State to pay for jailing namesake of child rapist
Ben McPartland · 16 Sep 2013, 16:16
Published: 16 Sep 2013 16:16 GMT+02:00
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Sadly innocent people being wrongly convicted in nothing new, but being locked up as a result of your name is thankfully rare.
But this is exactly what to Frenchman Mohamed Camara, who’s only crime was to share the same first and second names of a convicted child rapist, who was on the run.
Camara spent five months behind bars in 2001, until the state realised their blunder and released him. The case is believed to be the first of its kind in France.
According to his lawyer Frederic Berna on Monday, French authorities have finally recognised their error and reportedly made an offer of €12,000 compensation.
A figure that is insulting considering the gravity of the mistake, Berna believes.
“It’s crazy! For five months of totally unjustified detention it is a ridiculous amount,” Berna told AFP. The lawyer is claiming €180,000.
The calamity began in 2001 shortly after an international arrest warrant had been issued for Camara’s namesake, a child rapist, who had been earlier been convicted in absentia.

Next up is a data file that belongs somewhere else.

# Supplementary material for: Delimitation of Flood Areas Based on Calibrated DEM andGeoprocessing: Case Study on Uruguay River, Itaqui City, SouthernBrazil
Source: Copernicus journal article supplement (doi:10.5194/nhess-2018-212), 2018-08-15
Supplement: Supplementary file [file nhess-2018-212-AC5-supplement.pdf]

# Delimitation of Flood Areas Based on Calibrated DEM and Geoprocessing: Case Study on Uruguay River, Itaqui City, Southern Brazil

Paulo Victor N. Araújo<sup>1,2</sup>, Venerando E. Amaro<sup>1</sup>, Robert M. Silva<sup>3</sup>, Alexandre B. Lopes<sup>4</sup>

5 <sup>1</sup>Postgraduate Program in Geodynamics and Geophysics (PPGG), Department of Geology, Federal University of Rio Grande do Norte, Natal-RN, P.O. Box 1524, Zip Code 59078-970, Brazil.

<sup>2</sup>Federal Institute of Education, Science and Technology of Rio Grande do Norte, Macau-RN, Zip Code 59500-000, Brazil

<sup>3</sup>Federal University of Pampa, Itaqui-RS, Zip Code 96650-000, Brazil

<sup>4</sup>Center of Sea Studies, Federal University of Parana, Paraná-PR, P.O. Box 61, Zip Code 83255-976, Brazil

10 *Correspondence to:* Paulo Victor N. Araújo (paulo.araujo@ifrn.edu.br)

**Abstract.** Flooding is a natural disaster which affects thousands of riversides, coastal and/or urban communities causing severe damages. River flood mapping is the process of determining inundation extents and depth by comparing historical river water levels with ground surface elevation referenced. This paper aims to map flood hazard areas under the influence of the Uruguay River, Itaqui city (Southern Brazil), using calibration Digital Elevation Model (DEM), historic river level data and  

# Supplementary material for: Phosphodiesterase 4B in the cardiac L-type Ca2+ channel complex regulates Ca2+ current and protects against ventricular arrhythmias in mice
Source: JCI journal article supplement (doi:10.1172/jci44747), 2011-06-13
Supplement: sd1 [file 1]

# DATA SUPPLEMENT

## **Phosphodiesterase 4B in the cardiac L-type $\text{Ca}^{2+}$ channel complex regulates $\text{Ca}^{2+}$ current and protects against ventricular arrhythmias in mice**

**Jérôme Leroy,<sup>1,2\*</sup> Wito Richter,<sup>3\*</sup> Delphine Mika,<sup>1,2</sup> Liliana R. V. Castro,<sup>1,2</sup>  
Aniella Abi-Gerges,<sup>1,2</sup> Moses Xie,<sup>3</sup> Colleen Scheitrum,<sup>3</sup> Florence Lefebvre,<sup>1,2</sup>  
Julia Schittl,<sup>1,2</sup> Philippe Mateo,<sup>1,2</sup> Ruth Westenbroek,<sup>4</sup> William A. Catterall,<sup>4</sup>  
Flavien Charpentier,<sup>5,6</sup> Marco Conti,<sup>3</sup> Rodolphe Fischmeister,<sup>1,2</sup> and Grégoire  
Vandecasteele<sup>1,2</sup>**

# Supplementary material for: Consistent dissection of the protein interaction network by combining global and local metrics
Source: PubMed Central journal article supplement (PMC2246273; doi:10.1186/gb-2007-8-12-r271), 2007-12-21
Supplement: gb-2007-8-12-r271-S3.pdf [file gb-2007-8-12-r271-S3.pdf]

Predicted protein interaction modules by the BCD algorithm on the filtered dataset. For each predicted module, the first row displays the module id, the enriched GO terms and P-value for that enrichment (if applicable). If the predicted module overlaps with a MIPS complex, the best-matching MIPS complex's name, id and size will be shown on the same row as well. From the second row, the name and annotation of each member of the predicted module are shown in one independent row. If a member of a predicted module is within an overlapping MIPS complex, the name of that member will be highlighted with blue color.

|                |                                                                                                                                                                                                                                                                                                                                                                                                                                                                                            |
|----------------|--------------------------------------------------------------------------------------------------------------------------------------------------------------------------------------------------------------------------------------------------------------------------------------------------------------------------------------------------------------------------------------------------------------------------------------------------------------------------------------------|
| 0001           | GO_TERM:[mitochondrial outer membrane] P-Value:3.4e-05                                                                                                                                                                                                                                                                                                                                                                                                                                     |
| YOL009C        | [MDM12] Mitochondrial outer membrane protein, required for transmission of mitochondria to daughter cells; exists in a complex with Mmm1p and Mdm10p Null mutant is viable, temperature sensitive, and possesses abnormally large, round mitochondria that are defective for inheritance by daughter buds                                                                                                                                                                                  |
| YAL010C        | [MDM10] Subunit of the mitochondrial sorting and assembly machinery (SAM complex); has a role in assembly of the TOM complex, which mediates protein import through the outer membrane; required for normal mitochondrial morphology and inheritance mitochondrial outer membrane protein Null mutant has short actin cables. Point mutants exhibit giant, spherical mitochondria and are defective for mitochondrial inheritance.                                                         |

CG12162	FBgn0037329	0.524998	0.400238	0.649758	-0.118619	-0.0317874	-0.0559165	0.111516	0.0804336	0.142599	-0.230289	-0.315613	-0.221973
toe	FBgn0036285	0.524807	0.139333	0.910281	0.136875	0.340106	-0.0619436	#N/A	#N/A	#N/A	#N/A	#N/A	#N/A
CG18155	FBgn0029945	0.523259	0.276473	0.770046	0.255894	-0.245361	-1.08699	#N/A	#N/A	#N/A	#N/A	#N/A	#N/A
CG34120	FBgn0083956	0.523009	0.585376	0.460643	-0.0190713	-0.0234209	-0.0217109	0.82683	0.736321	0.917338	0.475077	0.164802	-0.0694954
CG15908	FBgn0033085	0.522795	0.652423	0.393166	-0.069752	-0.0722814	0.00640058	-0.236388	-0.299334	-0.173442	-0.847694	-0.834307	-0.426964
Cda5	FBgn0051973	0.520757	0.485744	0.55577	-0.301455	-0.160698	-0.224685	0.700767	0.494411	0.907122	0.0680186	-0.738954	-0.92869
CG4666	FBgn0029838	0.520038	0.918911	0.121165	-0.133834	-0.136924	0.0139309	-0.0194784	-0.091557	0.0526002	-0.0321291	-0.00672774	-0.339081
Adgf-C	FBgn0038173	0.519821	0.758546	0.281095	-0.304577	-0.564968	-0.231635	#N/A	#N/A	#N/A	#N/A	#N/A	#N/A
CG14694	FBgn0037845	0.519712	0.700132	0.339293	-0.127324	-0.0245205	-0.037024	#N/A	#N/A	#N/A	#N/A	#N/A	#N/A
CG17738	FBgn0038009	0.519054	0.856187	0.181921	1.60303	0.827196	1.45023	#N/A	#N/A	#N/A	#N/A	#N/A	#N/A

In July that year Camara was on a train from Paris to Brussels when he was picked up by authorities, who locked him up in Saint-Gilles prison in the Belgium capital believing they had caught their man.
Camara spent three months behind bars in Belgium before being extradited to France where another two months of his life were lost in a prison in Paris.
He was finally released on December 31, 2001, against the wish of prosecutors, on the grounds that the both the victims and the family of the real criminal had no idea who he was and did not recognise him, the lawyer Berna told AFP.
The problem for Camara though was that under French law, only people who are acquitted or have their case dismissed, can actually qualify for compensation.
However thankfully for him the Attorney General in Paris saw sense and ruled that despite the fact “that it is not a dismissal or an acquittal”, Camara’s case did provide grounds for compensation.
The Attorney General acknowledged the “significant” trauma that would have been caused by being locked up however he ruled that Camara’s psychological problems, that had developed since his incarceration, had nothing to do with his time spent in prison.
The Paris Court of Appeal is due to make a ruling on the amount of compensation Camara will receive, before the end of the year.